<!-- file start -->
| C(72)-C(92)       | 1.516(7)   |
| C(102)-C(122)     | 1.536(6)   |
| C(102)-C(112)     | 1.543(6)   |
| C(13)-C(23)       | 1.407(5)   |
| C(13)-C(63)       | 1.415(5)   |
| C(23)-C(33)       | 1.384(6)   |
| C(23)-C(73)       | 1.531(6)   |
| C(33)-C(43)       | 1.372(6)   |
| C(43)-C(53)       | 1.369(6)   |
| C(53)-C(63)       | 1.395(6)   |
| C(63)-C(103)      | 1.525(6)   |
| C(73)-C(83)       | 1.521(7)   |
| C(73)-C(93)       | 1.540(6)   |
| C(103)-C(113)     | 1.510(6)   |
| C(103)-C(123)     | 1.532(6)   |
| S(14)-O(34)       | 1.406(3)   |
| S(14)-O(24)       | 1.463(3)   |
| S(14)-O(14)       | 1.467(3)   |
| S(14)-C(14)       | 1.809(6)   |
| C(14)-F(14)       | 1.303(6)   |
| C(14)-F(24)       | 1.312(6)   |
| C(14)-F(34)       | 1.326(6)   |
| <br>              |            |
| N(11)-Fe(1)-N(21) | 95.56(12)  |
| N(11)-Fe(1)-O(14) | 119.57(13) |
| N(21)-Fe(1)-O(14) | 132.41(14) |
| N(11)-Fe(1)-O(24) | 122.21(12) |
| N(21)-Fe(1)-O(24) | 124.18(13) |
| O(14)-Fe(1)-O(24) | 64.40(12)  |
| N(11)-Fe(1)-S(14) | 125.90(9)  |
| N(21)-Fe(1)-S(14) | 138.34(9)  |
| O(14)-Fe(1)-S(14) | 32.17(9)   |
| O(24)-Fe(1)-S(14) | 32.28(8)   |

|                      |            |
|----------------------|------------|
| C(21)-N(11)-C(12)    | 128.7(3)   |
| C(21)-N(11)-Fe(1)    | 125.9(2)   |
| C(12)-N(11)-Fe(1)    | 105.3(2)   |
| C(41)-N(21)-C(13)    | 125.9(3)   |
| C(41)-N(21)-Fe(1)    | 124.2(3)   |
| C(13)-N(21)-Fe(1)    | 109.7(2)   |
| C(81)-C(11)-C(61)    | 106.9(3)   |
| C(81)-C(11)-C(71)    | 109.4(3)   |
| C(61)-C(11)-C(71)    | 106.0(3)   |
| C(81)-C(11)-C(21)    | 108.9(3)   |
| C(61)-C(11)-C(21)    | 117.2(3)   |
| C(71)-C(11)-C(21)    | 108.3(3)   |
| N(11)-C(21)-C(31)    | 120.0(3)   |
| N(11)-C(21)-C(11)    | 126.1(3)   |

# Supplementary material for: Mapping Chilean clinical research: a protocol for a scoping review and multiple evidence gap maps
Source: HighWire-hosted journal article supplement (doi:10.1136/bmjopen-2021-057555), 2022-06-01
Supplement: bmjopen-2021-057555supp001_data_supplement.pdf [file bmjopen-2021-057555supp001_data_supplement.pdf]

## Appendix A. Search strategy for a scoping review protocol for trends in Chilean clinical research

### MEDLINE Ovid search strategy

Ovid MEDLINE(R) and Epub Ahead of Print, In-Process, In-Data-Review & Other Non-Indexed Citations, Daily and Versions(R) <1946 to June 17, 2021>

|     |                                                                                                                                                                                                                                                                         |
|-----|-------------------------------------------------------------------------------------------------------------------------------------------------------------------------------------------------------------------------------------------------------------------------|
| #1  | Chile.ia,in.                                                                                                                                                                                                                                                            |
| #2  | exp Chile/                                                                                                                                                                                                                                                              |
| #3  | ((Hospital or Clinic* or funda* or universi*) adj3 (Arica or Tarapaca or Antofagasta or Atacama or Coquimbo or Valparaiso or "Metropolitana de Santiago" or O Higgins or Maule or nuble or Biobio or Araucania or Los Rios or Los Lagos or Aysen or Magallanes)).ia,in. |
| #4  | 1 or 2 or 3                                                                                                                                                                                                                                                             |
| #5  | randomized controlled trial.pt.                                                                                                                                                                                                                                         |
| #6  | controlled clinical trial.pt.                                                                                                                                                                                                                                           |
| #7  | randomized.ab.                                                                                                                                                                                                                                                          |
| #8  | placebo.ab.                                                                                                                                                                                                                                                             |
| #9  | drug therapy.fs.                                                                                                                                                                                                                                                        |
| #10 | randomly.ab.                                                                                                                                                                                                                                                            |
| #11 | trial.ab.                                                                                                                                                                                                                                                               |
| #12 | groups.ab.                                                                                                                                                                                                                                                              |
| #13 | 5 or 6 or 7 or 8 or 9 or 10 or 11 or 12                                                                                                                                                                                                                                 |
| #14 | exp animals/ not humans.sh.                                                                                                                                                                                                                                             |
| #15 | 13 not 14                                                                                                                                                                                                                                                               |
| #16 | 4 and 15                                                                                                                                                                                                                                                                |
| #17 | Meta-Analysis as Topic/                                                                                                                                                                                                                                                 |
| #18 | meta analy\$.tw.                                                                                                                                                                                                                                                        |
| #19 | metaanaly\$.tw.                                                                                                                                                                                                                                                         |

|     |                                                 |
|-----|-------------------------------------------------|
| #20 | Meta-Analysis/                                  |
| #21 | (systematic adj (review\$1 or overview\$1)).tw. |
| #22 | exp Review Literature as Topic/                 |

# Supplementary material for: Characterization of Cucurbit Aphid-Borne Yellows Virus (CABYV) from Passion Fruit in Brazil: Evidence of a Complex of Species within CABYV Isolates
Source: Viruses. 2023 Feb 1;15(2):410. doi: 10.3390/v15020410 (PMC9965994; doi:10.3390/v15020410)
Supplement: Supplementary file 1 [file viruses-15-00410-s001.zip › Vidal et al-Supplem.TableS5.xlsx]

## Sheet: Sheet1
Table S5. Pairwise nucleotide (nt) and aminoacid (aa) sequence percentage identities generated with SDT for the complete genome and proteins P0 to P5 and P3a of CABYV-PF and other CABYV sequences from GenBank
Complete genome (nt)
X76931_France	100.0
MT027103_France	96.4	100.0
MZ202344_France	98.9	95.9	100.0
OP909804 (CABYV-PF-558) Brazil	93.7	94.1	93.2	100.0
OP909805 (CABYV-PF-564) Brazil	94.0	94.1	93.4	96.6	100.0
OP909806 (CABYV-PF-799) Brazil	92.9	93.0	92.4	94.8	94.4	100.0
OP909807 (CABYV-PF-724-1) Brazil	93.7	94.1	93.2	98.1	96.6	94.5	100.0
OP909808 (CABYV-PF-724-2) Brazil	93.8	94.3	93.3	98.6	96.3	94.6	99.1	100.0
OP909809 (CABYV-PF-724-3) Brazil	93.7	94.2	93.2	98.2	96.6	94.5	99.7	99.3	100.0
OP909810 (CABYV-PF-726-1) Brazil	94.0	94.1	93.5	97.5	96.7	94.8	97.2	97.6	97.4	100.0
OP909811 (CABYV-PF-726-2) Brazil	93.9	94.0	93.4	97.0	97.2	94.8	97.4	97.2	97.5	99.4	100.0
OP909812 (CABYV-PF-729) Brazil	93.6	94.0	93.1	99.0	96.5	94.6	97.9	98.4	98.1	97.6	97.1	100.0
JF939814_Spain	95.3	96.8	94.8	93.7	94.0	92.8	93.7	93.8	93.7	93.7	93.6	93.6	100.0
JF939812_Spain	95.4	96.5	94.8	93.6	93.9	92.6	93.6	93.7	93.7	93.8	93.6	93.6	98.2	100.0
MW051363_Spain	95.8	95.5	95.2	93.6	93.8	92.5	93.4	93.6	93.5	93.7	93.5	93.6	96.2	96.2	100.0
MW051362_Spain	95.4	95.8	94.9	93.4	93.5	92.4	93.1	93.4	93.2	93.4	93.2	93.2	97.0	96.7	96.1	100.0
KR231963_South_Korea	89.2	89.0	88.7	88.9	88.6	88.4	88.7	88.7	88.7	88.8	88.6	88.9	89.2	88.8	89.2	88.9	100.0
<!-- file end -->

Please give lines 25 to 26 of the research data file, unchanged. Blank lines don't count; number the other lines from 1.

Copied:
| N(11)-Fe(1)-O(14) | 119.57(13) |
| N(21)-Fe(1)-O(14) | 132.41(14) |